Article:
What's Wrong with the Carrot and Stick Approach? - Fresh Concepts Skip to main content

What’s Wrong with the Carrot and Stick Approach?

In a nutshell, there is plenty that’s wrong about the carrot and stick approach. Yet, managers have not been given the tools or witnessed a better way to harness workers’ interests. So, this dated approach lives on and on and on. The carrot and stick approach has long referred to how we motivate people at work (since about 1948), with the assumption being that people are like donkeys who love carrots and hate getting smacked on their behind by a stick (but if smacked by their rider, will move faster). Are people and donkeys the same? Do rewards and punishments work at work?

  • Research shows REWARDS work best to harness ACTION  

In the September 27, 2017 Harvard Business Review, Tali Sharot, an associate professor of Cognitive Neuroscience at the University College London, shares how the reward of praise was more effective to increase hospital employees’ hand sanitizing efforts than the threat of disease (and obvious punishment). In fact, cameras monitoring employees washing or not washing their hands showed an increase from 10% compliance when warning signs about disease were used to motivate employees’ actions versus almost 90% compliance when an electronic board displayed a positive message (“Good job!”) to reward hand washing. Bottom line: immediate positive feedback is very effective when it comes to changing actions. Sharot explains that our brains have evolved over time to be wired such that we think “if reward, then action needed.”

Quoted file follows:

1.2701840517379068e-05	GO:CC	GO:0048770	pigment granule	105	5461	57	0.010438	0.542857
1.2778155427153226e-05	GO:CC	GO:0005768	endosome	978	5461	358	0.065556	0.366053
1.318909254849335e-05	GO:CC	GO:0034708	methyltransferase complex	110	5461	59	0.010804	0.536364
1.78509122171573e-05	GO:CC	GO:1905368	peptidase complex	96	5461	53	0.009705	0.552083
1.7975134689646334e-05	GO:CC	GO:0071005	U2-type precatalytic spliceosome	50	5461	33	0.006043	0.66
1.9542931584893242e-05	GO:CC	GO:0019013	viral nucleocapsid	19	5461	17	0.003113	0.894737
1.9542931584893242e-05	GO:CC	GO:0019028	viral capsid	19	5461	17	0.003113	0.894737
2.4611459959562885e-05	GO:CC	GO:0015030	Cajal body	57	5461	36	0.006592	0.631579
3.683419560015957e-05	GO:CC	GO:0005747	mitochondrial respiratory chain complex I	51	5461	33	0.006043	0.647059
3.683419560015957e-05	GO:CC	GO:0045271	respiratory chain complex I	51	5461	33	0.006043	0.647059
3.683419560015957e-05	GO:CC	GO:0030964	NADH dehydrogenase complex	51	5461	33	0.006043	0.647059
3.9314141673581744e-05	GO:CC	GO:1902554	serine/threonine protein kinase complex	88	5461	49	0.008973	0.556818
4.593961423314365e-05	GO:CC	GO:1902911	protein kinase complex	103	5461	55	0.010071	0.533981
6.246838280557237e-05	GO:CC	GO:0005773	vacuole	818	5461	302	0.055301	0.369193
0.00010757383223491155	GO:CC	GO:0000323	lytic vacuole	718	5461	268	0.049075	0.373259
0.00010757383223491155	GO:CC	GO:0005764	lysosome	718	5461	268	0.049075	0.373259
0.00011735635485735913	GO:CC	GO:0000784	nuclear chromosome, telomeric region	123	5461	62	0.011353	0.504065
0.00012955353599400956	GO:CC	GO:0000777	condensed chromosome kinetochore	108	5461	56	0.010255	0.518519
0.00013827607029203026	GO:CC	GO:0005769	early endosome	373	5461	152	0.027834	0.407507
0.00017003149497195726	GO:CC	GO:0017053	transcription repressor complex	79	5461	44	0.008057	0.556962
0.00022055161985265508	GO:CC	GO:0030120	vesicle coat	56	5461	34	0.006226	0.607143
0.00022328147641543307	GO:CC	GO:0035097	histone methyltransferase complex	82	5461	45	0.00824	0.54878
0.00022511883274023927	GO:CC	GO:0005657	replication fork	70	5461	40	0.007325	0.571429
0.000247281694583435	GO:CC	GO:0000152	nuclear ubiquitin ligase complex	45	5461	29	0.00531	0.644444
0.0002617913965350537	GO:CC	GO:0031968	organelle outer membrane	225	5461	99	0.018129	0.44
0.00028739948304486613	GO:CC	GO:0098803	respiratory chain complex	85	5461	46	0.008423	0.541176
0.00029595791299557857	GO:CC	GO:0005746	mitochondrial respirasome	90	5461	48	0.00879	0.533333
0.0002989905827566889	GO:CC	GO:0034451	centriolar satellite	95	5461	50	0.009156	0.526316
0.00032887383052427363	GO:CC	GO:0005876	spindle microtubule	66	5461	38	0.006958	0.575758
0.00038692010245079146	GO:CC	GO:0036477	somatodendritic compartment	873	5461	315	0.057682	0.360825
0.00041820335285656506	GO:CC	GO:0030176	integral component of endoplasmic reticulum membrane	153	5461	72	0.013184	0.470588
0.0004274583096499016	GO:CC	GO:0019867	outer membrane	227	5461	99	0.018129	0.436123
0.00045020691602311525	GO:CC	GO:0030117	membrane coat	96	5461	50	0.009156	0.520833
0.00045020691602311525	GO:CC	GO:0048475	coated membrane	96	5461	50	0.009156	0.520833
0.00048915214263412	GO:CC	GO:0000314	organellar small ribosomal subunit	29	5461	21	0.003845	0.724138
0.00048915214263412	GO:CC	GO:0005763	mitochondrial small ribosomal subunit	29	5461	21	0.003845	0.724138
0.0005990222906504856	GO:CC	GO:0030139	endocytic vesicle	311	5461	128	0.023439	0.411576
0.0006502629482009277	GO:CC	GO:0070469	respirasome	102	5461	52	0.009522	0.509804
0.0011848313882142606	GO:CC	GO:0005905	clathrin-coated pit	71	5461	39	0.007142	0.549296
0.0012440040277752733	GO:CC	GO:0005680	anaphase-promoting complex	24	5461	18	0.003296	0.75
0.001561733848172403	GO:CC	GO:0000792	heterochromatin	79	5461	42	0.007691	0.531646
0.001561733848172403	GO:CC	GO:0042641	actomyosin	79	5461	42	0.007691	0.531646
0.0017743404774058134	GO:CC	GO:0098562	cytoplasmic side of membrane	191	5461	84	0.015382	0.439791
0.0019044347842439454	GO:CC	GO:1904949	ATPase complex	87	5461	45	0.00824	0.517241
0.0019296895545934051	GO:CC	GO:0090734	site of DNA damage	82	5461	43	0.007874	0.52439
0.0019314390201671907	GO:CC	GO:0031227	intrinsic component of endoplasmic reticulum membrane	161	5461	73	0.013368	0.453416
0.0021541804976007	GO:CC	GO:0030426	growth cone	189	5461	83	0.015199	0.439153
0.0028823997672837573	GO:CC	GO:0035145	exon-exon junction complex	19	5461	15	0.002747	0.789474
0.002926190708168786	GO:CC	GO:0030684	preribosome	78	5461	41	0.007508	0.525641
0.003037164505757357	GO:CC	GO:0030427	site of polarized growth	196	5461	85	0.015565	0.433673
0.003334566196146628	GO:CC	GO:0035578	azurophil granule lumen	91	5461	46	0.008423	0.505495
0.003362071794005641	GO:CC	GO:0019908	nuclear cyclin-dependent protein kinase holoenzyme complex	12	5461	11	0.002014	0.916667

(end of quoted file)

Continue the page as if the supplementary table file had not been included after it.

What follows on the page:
• Research shows PUNISHMENTS work best to harness INACTION  

On the flip side, our brains have also evolved to avoid negative consequences (such as drowning, poison, or dangerous areas) by inaction or staying where we are. Most people have experienced the phenomena of freezing in place in a potentially dangerous situation. Sharot believes that “when we anticipate something bad, our brain triggers a ‘no go’ signal.” For this reason, punishments (like getting fired or being legally prosecuted) may be most effective to discourage people from acting in certain ways (like stealing from the company or sharing trade secrets).

  • How to use this information 

Unfortunately, the actions that this research advises are frequently unclear to managers. So, let’s be totally clear. If these results are read and carried out, managers need to 1) immediately reward the actions they want to see at work and 2) quickly punish the actions they want to extinguish.

This might be the end of the story, but sadly it’s not. If we personalize this research and consider how and why we procrastinate, what motivates us, and what we fear most at work . . . we get a better sense of the bigger picture and the full story.

How often has the fear of punishment (public embarrassment or demotion) been the stick that has “motivated” us to work on a project or presentation? Given Sharot’s research, it’s not surprising that we have delayed working on our project or presentation! Our brain has been telling us “DON’T ACT; STAY WHERE YOU ARE!”

The first-place, big “ah-ha” is this: to combat this frozen stance that biologically impacts employees when petrified of potential failure, skilled managers need to motivate team members with the promise of praise and immediate feedback as well as a helping hand to initiate action and activity.

The second-place, runner-up “ah-ha” from Sharot’s article is this: that praise works at work. There is no BETTER, CHEAPER, or MORE EFFECTIVE motivational tool. Effective managers know what good praise looks like (authentic, specific, meaningful) and when (often) to dole it out.

Get going.

To read the full article in HBR go to: https://hbr.org/2017/09/what-motivates-employees-more-rewards-or-punishments. To read more from Sarah Robinson, see Unstuck at Last: Using Your Strengths to Get What You Want and FRESH Leadership: 5 Skills to Transform You and Your Team.

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